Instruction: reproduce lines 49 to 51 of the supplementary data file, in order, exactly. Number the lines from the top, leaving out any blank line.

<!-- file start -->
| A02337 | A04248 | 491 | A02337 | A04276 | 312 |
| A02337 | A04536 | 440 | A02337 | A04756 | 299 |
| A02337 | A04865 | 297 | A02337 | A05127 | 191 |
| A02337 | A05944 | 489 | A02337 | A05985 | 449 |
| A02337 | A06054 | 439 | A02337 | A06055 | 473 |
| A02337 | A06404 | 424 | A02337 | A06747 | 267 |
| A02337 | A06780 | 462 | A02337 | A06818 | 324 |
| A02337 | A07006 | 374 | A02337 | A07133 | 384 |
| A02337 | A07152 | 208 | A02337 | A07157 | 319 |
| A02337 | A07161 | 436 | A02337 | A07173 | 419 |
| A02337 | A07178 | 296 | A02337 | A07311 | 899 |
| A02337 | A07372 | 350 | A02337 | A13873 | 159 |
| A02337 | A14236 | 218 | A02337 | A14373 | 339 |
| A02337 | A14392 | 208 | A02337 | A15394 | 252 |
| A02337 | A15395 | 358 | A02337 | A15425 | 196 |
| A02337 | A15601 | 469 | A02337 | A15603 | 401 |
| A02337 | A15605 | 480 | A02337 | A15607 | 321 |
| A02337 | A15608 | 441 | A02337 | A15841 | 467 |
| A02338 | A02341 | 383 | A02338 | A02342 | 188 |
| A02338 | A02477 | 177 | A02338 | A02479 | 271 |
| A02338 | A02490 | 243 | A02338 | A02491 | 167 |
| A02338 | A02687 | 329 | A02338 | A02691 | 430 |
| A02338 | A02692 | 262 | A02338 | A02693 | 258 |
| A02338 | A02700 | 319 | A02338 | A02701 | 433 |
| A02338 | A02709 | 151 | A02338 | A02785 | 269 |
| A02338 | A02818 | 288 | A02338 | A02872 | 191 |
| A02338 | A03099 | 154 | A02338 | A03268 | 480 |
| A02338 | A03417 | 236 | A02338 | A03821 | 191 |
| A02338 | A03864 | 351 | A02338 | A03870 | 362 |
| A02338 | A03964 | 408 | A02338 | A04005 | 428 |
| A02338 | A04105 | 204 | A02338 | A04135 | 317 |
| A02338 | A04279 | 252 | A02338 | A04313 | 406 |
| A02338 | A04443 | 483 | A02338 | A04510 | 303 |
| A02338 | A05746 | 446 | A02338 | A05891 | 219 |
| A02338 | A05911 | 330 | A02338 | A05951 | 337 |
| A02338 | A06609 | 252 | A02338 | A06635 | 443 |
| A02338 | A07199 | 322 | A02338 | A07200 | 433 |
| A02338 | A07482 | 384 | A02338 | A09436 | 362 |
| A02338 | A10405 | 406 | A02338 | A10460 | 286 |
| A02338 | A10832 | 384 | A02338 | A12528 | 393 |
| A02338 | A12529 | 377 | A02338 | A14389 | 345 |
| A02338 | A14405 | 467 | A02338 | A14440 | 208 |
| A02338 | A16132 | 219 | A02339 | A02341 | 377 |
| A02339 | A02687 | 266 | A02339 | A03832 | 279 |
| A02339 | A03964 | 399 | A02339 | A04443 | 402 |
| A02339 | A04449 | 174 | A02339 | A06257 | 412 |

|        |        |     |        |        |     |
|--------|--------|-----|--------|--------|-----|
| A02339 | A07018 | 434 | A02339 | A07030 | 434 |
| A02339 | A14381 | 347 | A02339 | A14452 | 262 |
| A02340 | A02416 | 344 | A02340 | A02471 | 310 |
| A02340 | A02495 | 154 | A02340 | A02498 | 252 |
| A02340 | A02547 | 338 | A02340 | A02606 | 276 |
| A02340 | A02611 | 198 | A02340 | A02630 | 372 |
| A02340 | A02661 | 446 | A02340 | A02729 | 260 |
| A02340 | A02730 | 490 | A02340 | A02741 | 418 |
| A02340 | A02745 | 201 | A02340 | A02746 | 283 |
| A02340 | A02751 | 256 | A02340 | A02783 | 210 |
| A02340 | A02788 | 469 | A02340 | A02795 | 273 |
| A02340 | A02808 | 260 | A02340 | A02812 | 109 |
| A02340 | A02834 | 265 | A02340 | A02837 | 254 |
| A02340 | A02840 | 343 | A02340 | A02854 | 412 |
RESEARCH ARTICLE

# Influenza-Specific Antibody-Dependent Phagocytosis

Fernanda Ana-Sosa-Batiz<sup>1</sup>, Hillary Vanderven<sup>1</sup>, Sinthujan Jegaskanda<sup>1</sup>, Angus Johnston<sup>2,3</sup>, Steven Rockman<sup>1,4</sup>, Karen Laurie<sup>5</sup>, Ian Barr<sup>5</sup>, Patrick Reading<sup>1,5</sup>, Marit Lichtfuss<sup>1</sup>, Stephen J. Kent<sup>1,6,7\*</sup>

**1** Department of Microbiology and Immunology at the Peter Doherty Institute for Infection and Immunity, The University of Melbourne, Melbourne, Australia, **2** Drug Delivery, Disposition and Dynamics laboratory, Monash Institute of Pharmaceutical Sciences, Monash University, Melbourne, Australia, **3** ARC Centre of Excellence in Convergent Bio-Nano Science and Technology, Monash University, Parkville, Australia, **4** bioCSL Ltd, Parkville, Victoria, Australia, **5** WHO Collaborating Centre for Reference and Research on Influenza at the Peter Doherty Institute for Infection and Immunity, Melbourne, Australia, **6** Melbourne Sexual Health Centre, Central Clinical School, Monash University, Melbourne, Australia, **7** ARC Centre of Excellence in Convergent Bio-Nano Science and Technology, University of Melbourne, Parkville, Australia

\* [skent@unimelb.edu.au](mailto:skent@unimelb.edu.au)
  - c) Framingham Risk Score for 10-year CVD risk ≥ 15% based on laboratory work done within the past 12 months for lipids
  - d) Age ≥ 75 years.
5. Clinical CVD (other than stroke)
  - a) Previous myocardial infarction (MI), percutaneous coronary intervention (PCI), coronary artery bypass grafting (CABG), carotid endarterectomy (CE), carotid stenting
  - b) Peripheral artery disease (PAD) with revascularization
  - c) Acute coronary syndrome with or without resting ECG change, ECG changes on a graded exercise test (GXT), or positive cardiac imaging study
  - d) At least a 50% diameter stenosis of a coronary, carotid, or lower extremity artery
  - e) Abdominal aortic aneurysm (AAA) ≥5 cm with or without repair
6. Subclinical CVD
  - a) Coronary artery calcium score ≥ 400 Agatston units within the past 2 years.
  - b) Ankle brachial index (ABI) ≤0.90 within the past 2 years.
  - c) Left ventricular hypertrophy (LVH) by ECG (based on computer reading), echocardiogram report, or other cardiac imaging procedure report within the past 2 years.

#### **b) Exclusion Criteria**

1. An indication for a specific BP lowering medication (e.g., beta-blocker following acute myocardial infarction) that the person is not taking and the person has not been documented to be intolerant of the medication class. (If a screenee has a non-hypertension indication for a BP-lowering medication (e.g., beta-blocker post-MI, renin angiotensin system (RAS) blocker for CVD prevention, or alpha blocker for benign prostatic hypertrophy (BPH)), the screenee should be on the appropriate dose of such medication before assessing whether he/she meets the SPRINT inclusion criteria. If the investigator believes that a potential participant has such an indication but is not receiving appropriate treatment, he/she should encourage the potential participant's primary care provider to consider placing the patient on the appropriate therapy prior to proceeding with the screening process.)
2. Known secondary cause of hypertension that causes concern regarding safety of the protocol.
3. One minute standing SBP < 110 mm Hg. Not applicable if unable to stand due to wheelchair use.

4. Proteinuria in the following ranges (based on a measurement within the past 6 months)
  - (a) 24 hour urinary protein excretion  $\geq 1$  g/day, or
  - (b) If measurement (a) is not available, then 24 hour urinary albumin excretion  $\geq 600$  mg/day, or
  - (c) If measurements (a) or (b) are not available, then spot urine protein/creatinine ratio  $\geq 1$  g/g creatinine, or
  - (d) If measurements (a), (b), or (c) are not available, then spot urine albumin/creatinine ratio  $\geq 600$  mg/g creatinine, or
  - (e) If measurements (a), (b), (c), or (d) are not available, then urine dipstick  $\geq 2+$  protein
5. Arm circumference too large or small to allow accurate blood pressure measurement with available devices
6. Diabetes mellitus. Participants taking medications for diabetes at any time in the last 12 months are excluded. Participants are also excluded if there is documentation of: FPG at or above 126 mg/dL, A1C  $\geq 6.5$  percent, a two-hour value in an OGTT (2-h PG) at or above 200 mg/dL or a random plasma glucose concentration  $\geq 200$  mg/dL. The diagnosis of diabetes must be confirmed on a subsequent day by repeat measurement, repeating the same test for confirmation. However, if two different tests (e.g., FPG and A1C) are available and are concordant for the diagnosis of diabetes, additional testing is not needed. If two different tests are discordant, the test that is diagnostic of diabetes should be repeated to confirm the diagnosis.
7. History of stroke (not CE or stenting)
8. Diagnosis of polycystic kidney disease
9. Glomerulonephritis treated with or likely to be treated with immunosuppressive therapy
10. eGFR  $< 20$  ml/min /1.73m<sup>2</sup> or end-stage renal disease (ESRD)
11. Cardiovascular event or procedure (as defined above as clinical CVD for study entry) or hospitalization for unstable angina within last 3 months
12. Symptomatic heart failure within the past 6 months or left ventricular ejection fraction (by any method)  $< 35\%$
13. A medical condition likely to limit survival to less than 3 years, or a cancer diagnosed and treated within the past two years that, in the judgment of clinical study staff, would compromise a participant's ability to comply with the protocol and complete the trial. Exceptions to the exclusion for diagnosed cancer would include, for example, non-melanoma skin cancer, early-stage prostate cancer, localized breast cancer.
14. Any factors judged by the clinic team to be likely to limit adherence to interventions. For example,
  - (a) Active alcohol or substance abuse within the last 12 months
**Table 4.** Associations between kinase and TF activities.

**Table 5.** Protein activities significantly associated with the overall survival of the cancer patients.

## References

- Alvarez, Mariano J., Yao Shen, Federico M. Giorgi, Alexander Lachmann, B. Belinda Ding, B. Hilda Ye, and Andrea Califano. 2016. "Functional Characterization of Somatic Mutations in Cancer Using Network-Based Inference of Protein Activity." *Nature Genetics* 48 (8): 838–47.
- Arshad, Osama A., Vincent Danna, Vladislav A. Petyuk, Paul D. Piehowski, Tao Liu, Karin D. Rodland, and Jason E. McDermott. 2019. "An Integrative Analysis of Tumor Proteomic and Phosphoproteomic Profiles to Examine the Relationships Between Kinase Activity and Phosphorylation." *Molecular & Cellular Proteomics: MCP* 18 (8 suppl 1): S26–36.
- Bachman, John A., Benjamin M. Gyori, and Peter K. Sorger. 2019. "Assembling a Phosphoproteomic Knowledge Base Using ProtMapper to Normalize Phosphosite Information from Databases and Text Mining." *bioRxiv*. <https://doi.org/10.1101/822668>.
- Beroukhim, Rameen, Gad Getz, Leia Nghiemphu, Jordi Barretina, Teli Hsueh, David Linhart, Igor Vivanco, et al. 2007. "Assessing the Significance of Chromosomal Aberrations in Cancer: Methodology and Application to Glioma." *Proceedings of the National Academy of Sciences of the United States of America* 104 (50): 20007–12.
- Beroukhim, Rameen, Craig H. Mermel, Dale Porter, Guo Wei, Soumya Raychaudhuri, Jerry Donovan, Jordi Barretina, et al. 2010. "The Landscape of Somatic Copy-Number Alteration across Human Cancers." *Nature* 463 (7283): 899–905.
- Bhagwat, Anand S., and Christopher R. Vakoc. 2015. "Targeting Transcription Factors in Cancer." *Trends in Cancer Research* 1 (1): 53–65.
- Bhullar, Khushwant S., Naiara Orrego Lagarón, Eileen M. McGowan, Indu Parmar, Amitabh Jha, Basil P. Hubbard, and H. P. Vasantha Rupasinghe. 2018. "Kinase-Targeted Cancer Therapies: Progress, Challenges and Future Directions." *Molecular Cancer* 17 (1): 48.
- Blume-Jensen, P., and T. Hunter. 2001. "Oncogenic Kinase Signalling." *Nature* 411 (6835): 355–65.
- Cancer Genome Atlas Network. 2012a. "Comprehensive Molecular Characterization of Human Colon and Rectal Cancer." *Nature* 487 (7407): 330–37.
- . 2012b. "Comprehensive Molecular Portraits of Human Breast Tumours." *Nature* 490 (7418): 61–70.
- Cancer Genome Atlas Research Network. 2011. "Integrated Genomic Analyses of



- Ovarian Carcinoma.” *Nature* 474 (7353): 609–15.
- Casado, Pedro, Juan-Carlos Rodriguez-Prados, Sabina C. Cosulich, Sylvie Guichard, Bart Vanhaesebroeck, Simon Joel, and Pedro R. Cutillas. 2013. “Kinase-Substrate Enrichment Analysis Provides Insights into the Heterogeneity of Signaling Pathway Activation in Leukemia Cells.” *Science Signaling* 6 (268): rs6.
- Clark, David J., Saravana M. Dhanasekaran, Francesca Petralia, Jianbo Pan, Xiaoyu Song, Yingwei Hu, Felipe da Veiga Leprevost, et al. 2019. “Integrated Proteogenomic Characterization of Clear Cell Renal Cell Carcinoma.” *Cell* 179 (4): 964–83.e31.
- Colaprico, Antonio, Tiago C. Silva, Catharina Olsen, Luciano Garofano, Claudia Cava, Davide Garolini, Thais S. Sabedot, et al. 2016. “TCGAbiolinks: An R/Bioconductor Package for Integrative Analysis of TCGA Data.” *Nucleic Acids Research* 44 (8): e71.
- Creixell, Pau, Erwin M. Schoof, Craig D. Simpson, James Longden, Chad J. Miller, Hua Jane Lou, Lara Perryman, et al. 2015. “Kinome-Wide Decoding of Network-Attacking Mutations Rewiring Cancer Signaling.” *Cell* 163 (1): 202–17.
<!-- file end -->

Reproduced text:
| A02339 | A07018 | 434 | A02339 | A07030 | 434 |
| A02339 | A14381 | 347 | A02339 | A14452 | 262 |
| A02340 | A02416 | 344 | A02340 | A02471 | 310 |